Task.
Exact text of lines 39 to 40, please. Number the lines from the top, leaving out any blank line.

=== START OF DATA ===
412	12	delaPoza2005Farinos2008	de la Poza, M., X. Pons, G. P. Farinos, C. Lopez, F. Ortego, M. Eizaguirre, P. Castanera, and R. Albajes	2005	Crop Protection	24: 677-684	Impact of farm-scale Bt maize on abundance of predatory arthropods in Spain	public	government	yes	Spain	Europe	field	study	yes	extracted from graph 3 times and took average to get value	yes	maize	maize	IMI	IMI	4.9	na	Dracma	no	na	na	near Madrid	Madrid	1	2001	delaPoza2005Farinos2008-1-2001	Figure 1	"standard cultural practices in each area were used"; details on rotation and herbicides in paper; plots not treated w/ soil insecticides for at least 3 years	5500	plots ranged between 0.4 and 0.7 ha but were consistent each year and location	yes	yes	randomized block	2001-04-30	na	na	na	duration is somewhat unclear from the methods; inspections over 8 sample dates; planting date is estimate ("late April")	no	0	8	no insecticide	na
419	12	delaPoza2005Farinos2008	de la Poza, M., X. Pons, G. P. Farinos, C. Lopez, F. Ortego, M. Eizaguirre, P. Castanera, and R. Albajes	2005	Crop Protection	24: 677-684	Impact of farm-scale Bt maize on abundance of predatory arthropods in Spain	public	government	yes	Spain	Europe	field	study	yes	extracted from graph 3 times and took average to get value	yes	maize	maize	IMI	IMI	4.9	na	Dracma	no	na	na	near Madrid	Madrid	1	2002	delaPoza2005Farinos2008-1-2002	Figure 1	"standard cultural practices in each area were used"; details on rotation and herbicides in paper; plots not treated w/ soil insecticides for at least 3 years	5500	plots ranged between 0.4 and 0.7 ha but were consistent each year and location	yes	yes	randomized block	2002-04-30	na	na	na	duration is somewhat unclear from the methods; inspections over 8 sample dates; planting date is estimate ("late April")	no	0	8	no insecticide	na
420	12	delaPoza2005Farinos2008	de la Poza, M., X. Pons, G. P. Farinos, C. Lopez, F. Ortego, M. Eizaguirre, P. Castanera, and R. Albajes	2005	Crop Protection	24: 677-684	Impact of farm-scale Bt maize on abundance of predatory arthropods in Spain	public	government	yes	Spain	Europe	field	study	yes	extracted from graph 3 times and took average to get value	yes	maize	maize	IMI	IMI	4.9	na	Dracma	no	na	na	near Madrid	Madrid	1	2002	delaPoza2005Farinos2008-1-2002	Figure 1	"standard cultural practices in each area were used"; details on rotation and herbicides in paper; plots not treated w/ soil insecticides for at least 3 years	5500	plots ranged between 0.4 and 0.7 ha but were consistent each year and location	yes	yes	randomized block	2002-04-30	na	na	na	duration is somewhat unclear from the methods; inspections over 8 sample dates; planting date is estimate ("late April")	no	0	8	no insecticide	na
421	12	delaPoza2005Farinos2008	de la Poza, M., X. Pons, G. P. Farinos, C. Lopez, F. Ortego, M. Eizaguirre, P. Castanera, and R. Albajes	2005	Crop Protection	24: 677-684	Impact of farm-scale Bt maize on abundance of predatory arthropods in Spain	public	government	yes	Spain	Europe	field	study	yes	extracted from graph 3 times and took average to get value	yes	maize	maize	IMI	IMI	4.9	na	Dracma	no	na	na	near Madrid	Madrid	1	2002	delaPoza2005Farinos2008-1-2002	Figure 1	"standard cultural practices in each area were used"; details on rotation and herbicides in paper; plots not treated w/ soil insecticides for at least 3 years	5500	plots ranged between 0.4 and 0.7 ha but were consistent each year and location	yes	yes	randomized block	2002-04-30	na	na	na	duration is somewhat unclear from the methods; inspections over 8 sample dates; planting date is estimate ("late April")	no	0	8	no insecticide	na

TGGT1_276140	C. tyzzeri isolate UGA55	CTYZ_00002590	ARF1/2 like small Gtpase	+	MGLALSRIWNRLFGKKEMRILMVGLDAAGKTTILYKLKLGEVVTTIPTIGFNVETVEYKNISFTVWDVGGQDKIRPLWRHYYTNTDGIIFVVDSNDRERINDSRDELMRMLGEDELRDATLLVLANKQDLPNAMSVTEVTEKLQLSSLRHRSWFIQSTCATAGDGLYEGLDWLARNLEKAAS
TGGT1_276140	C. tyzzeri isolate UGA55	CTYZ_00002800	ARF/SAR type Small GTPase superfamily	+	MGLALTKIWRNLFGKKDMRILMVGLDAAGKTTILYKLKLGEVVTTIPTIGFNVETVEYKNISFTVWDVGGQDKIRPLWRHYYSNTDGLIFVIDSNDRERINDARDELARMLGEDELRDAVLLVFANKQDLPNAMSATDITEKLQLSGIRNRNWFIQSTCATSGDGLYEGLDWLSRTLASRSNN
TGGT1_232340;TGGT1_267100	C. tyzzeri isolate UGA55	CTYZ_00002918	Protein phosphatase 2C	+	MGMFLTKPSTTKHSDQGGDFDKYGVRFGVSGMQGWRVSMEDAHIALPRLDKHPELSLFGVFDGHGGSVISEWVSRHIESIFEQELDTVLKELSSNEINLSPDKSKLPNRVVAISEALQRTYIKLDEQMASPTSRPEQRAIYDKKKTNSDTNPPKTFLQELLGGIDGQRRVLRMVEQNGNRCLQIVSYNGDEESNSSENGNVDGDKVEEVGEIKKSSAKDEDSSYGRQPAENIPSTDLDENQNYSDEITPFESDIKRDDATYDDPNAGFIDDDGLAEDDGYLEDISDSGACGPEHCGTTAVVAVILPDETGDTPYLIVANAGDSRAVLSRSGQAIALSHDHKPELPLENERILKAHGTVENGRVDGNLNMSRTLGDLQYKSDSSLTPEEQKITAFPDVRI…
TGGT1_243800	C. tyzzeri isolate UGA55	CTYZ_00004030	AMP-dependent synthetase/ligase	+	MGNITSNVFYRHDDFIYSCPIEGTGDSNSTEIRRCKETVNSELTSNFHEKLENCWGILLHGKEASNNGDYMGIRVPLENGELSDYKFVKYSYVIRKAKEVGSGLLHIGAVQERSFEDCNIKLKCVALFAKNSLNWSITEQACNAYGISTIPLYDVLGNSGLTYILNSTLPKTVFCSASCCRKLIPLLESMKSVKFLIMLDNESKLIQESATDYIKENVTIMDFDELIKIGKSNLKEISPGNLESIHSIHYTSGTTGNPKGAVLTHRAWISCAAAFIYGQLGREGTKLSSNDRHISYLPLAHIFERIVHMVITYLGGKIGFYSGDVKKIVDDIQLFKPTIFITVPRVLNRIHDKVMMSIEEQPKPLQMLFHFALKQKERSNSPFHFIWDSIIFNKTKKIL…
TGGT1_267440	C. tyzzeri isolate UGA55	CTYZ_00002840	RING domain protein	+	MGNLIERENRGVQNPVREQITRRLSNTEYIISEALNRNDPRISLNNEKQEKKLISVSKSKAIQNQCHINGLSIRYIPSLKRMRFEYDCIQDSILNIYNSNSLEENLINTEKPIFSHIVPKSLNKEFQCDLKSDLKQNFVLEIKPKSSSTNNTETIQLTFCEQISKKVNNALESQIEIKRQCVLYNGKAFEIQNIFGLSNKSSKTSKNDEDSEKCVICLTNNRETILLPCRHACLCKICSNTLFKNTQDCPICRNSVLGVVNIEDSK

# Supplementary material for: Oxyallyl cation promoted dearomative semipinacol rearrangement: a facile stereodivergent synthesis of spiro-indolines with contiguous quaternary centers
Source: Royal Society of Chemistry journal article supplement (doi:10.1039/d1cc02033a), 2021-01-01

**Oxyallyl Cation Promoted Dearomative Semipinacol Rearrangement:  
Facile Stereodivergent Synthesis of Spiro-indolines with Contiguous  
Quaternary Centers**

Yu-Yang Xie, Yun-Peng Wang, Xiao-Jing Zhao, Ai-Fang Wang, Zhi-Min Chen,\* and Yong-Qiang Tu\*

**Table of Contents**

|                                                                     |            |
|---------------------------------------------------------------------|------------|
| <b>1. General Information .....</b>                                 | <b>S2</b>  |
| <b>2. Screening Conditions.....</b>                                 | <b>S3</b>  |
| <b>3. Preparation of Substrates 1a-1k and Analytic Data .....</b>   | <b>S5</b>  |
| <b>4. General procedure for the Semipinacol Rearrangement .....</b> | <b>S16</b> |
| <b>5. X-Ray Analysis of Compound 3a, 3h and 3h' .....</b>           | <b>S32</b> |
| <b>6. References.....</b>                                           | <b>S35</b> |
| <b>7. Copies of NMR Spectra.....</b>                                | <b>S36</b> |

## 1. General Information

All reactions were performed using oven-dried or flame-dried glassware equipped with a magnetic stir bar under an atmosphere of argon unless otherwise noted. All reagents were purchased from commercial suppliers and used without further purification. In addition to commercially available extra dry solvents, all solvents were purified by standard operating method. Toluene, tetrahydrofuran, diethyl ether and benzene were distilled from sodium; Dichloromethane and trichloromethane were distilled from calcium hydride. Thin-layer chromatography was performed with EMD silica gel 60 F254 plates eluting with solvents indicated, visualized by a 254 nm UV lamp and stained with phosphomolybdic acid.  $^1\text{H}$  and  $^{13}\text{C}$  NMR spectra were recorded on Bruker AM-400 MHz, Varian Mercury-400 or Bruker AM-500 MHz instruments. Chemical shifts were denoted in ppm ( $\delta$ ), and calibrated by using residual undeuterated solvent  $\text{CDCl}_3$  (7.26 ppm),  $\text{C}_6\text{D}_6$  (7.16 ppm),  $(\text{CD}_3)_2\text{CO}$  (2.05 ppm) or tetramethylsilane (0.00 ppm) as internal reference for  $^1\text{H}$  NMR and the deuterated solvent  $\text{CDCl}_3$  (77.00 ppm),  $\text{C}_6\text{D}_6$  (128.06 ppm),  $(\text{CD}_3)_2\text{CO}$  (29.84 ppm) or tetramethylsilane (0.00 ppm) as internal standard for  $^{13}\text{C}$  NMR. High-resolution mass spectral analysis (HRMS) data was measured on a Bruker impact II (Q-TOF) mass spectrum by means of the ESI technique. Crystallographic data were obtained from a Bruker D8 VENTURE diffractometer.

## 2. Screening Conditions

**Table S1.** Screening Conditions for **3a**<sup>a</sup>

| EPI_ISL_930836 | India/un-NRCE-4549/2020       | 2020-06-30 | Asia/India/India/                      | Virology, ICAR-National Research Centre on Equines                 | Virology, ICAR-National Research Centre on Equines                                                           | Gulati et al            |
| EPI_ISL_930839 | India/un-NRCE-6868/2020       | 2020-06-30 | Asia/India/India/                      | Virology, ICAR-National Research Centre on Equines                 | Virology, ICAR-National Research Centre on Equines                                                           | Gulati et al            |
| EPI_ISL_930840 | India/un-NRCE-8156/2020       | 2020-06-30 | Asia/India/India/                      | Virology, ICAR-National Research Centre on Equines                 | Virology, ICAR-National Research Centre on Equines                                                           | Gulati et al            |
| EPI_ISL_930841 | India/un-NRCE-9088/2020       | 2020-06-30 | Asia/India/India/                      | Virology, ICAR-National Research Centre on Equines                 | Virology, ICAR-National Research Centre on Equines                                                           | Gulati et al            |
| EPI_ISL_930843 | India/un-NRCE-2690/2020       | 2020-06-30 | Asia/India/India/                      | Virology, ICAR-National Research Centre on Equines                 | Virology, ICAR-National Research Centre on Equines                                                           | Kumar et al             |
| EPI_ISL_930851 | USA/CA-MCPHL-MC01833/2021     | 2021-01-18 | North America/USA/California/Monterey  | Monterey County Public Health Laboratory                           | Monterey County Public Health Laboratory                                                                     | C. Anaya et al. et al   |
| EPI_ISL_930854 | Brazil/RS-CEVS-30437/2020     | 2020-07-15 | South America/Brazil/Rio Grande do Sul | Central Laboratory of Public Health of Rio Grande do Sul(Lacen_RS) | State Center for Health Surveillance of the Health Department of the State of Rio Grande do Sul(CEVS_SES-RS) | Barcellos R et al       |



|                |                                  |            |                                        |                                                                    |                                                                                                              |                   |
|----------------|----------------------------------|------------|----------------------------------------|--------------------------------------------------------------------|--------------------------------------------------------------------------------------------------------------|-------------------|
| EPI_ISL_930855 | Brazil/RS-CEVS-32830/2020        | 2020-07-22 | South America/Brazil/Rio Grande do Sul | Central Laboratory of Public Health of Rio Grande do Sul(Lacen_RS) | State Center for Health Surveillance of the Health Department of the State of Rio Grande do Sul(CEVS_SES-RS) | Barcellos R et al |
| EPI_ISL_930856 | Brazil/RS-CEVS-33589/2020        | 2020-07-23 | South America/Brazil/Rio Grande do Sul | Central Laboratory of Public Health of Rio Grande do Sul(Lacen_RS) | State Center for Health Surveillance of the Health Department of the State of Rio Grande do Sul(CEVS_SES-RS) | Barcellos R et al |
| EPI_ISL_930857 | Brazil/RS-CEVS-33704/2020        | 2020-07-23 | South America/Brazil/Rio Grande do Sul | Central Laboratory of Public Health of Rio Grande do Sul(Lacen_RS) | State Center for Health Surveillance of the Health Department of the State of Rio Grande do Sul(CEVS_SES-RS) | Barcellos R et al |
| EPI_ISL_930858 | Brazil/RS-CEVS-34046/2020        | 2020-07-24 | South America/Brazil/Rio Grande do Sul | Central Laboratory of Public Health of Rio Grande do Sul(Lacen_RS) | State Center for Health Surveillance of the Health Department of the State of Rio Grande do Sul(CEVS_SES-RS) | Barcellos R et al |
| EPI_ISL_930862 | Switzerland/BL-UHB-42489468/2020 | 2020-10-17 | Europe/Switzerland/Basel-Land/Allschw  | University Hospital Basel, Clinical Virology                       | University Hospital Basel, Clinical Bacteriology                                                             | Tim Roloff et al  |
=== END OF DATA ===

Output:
| EPI_ISL_930855 | Brazil/RS-CEVS-32830/2020        | 2020-07-22 | South America/Brazil/Rio Grande do Sul | Central Laboratory of Public Health of Rio Grande do Sul(Lacen_RS) | State Center for Health Surveillance of the Health Department of the State of Rio Grande do Sul(CEVS_SES-RS) | Barcellos R et al |
| EPI_ISL_930856 | Brazil/RS-CEVS-33589/2020        | 2020-07-23 | South America/Brazil/Rio Grande do Sul | Central Laboratory of Public Health of Rio Grande do Sul(Lacen_RS) | State Center for Health Surveillance of the Health Department of the State of Rio Grande do Sul(CEVS_SES-RS) | Barcellos R et al |